IT IS an incongruous mix.

A laptop sits next to a table covered in a tangle of wires attached to musical instruments: a bell, a glockenspiel, a Chinese harp and a harmonica.

Meet the Phantasmophone, a mini orchestra with echoes of Heath Robinson, built to reproduce a single piece of classical music.

It is the work of Graeme Ronald, a graduate in Master of Design in sound and the moving image at Glasgow School of Art, who has gone back to the future with his degree show exhibit.

The founding member of band Remember Remember said: "The effect is supposed to be that the instruments are playing them-selves and have come to life."

Behind the circuitry, battery-powered hand fans are positioned next to the strings so that when the computer sends a signal they spin and the air plucks the strings.

When it all comes together, the Phantasmophone plays Erik Satie's Gymnopedies part I.

Computer-driven musical instruments aside, the work at this year's Glasgow School of Art Graduate Degree Show from more than 200 international masters graduates is innovative and thought-provoking.

Andy Welsby shows artwork made by a robotic drawing machine in his personal take on the independence debate.

It was programmed to randomly bounce around a confined space. As it reacted to its environment it sought stability, an action Andy saw paralleling the development of Scottish culture.

He said: "Prior to the course I was a lecturer and freelance film-maker. Now I want to pursue, at least in part, a studio-based practice. I feel as if I'm only starting it now."

There is an architectural feel to the detailed model created by Thomai Pnevmonidou.

The interior design graduate wanted to show the difference between how the world looks and how it appears to her.

She said: "I was trying to make something more like a fairytale. "The model is like a dream, like living in a different reality."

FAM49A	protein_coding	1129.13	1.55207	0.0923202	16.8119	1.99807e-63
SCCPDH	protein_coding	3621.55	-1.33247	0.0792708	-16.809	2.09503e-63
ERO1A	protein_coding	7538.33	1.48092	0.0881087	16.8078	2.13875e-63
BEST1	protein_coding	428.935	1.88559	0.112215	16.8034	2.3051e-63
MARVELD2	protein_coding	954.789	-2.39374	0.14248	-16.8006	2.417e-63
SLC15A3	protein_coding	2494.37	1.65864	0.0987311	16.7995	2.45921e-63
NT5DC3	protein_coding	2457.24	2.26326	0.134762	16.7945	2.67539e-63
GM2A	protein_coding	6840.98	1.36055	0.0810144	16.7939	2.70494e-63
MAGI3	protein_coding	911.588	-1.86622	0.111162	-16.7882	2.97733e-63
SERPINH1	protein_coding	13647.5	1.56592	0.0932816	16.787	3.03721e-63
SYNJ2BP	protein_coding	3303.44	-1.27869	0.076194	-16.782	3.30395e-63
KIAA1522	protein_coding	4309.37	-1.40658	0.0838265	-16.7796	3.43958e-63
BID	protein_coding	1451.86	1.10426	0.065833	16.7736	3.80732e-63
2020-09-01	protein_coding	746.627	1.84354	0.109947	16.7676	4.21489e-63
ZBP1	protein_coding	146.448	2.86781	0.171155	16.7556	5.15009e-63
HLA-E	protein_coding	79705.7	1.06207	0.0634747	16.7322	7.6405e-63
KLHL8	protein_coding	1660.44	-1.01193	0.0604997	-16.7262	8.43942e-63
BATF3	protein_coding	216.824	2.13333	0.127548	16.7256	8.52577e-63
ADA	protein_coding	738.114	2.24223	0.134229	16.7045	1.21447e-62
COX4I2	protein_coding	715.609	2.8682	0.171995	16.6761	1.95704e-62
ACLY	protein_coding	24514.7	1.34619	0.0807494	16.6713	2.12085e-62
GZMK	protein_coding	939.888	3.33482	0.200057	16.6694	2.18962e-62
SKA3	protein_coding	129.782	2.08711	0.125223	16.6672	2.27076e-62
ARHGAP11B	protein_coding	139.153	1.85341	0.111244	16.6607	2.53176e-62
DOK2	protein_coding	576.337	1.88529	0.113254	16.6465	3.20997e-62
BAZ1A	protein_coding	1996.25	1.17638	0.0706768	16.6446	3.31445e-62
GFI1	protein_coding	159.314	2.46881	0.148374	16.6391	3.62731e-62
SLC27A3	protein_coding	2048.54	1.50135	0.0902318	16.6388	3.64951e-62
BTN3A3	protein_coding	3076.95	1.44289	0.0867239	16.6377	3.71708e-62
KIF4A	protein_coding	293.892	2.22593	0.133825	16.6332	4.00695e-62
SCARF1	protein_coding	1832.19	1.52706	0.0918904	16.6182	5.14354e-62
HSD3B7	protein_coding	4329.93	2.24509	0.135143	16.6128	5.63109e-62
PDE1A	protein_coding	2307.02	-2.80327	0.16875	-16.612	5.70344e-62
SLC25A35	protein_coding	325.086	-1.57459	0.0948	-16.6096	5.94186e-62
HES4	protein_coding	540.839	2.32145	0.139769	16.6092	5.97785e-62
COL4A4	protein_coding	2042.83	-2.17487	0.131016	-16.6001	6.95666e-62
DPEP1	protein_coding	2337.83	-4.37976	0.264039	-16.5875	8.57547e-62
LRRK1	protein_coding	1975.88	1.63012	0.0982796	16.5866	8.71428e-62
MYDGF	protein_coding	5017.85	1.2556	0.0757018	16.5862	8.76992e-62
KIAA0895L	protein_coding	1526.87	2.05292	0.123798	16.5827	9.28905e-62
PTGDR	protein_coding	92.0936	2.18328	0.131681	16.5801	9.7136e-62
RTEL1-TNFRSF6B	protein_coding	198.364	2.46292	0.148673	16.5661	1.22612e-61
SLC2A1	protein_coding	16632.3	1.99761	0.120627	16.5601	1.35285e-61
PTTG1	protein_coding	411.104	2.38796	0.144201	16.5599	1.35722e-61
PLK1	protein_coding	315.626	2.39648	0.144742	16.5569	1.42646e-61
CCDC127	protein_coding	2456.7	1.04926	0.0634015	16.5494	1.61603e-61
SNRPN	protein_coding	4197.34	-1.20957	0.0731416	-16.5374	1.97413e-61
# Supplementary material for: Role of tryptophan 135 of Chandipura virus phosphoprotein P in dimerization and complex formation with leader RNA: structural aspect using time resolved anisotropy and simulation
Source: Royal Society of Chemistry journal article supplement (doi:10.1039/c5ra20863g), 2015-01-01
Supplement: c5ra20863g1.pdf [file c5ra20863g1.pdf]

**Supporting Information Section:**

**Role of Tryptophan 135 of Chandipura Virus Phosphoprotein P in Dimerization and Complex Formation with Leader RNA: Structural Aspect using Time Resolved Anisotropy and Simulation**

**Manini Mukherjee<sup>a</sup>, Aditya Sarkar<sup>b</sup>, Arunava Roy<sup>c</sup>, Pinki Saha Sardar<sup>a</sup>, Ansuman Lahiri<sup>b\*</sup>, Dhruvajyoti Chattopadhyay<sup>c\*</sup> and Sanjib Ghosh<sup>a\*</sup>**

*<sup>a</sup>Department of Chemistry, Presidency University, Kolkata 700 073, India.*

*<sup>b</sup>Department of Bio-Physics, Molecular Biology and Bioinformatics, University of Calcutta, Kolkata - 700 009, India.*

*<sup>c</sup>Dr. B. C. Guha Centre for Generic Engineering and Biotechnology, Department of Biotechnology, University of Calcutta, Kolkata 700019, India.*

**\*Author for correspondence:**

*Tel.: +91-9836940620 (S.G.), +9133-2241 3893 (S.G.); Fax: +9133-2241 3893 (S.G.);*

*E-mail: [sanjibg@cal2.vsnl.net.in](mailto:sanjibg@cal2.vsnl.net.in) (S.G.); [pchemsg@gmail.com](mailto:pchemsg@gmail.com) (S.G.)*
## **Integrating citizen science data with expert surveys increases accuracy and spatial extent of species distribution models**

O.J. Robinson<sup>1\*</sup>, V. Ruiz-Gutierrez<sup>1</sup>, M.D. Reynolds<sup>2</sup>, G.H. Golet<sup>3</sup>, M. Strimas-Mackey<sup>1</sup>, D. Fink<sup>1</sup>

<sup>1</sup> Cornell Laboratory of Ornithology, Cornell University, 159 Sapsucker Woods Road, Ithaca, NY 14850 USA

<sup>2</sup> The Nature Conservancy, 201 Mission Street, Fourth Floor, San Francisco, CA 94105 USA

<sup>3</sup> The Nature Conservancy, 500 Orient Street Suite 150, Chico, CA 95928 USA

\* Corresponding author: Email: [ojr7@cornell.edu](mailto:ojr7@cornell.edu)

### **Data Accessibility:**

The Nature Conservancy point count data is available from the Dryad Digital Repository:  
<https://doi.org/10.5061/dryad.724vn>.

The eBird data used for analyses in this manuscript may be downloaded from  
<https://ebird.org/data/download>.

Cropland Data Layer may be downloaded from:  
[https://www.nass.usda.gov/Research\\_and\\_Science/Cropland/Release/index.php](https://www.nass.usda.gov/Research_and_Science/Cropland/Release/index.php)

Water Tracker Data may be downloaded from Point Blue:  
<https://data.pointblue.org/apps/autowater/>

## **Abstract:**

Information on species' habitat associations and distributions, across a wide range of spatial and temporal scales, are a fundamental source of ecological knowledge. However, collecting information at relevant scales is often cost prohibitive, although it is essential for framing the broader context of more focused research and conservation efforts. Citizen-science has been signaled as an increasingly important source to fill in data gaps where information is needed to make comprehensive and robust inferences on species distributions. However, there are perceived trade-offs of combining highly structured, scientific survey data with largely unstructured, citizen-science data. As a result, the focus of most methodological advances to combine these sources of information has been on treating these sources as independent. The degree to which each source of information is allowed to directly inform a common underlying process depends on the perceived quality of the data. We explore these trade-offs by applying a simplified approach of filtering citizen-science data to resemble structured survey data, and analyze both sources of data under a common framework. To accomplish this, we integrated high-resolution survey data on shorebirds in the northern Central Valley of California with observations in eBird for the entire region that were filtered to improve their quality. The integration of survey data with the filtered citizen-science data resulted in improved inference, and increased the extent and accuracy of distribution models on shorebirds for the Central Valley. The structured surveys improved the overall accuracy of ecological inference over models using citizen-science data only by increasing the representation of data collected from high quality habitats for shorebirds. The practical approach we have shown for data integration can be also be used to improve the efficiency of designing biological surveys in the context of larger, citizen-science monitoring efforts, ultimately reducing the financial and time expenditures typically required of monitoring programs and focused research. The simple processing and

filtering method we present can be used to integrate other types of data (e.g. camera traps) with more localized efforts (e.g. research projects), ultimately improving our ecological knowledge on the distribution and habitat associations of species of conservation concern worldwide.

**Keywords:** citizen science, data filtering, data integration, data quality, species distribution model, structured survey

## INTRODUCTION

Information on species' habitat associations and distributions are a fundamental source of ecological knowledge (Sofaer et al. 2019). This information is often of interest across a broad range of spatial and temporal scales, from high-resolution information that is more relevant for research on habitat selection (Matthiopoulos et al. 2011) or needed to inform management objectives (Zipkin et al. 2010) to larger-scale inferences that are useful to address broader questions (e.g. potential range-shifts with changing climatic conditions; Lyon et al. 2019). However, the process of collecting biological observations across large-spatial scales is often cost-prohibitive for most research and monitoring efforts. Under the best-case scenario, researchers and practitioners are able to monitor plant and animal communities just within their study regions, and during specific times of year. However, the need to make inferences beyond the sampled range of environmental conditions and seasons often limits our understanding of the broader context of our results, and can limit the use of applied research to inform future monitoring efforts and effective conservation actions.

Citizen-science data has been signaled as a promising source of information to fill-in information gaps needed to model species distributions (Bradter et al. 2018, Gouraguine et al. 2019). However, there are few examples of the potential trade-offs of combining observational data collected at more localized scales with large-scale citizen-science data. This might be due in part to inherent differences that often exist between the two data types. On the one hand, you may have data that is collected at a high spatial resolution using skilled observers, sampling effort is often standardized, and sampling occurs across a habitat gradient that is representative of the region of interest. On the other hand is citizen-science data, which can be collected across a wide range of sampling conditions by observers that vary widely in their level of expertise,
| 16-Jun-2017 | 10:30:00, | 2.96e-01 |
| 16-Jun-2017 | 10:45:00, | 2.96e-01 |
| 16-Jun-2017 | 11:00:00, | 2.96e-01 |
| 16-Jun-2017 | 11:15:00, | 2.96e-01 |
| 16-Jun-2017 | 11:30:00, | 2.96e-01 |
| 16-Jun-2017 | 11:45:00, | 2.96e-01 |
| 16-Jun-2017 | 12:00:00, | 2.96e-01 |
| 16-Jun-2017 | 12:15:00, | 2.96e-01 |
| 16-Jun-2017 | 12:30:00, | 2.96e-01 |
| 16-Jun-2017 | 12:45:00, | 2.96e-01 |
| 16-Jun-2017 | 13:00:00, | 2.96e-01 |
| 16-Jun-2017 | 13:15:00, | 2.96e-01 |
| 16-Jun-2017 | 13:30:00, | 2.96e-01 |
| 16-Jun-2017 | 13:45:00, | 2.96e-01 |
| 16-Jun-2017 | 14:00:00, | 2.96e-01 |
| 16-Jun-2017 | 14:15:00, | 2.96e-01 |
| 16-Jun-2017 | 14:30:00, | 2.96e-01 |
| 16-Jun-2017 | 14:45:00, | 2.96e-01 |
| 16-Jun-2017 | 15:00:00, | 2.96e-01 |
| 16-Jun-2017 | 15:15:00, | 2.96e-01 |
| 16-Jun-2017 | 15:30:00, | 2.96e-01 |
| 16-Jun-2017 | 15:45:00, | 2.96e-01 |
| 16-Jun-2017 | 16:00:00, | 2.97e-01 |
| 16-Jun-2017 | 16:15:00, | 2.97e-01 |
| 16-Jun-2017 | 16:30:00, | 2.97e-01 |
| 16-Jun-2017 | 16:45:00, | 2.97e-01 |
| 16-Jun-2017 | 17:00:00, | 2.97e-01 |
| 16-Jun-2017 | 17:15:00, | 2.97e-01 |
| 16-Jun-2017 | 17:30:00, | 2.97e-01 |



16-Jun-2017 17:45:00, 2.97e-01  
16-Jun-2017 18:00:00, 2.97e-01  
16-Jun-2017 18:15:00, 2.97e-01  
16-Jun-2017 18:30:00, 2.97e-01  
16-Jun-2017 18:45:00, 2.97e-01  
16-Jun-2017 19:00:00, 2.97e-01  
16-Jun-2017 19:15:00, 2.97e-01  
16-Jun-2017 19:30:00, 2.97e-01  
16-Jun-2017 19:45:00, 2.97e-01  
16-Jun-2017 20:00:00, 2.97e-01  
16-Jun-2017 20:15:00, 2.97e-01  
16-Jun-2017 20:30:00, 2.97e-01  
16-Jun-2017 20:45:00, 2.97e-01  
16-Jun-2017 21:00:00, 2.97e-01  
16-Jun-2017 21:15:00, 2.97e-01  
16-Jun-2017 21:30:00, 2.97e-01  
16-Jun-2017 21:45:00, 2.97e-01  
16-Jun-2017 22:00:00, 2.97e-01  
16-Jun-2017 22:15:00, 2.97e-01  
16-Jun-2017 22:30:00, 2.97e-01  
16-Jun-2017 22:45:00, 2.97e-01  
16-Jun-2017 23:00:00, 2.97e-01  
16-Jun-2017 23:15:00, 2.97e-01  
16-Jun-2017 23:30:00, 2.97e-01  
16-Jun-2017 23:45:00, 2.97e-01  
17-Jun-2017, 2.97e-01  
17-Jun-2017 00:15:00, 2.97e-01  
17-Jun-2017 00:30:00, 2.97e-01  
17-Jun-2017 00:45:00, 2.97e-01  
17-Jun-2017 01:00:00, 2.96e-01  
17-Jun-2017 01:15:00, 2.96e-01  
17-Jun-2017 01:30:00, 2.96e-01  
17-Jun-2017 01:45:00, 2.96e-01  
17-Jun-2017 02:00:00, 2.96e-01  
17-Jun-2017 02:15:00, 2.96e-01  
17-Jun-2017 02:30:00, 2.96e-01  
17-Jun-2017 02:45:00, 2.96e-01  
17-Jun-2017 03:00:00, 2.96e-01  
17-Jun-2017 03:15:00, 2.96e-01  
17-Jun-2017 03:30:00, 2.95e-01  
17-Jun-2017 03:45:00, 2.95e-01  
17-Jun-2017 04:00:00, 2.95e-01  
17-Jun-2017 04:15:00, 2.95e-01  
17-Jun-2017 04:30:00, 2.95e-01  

Maggie Laidlaw has produced three etched, illuminated glass panels and a book of poetry, after research into looking at how social media can help women deal with street harassment.

It was awarded a special prize for breaking down barriers.

She said: "I began to think about how common the silence is that surrounds violence against women. I thought back to how many times I've been harassed and I didn't see anything in it.

"I thought, how often does this happen?"

Maggie worked with five women aged 18 to 21 and examined their opinions and experiences before and after anonymously telling their stories on website Hollaback, set up to tackle street harassment.

Their findings formed the words etched in glass and reproduced in the book of poetry.

Some students have offered practical applications - a shoe atomiser to counteract germs brought into hospitals and a cycle locker that provides permanent parking. Others have examined their roots and the culture of those around them.

Wenjia Chen interviewed students at Glasgow Chinese School. She said: "I made a film with them, talking about their feelings of identity, of being British Chinese, and the question, 'are you British or Chinese?'"

"Their opinions were different from what I expected."

l The free show runs at The Lighthouse until September 28.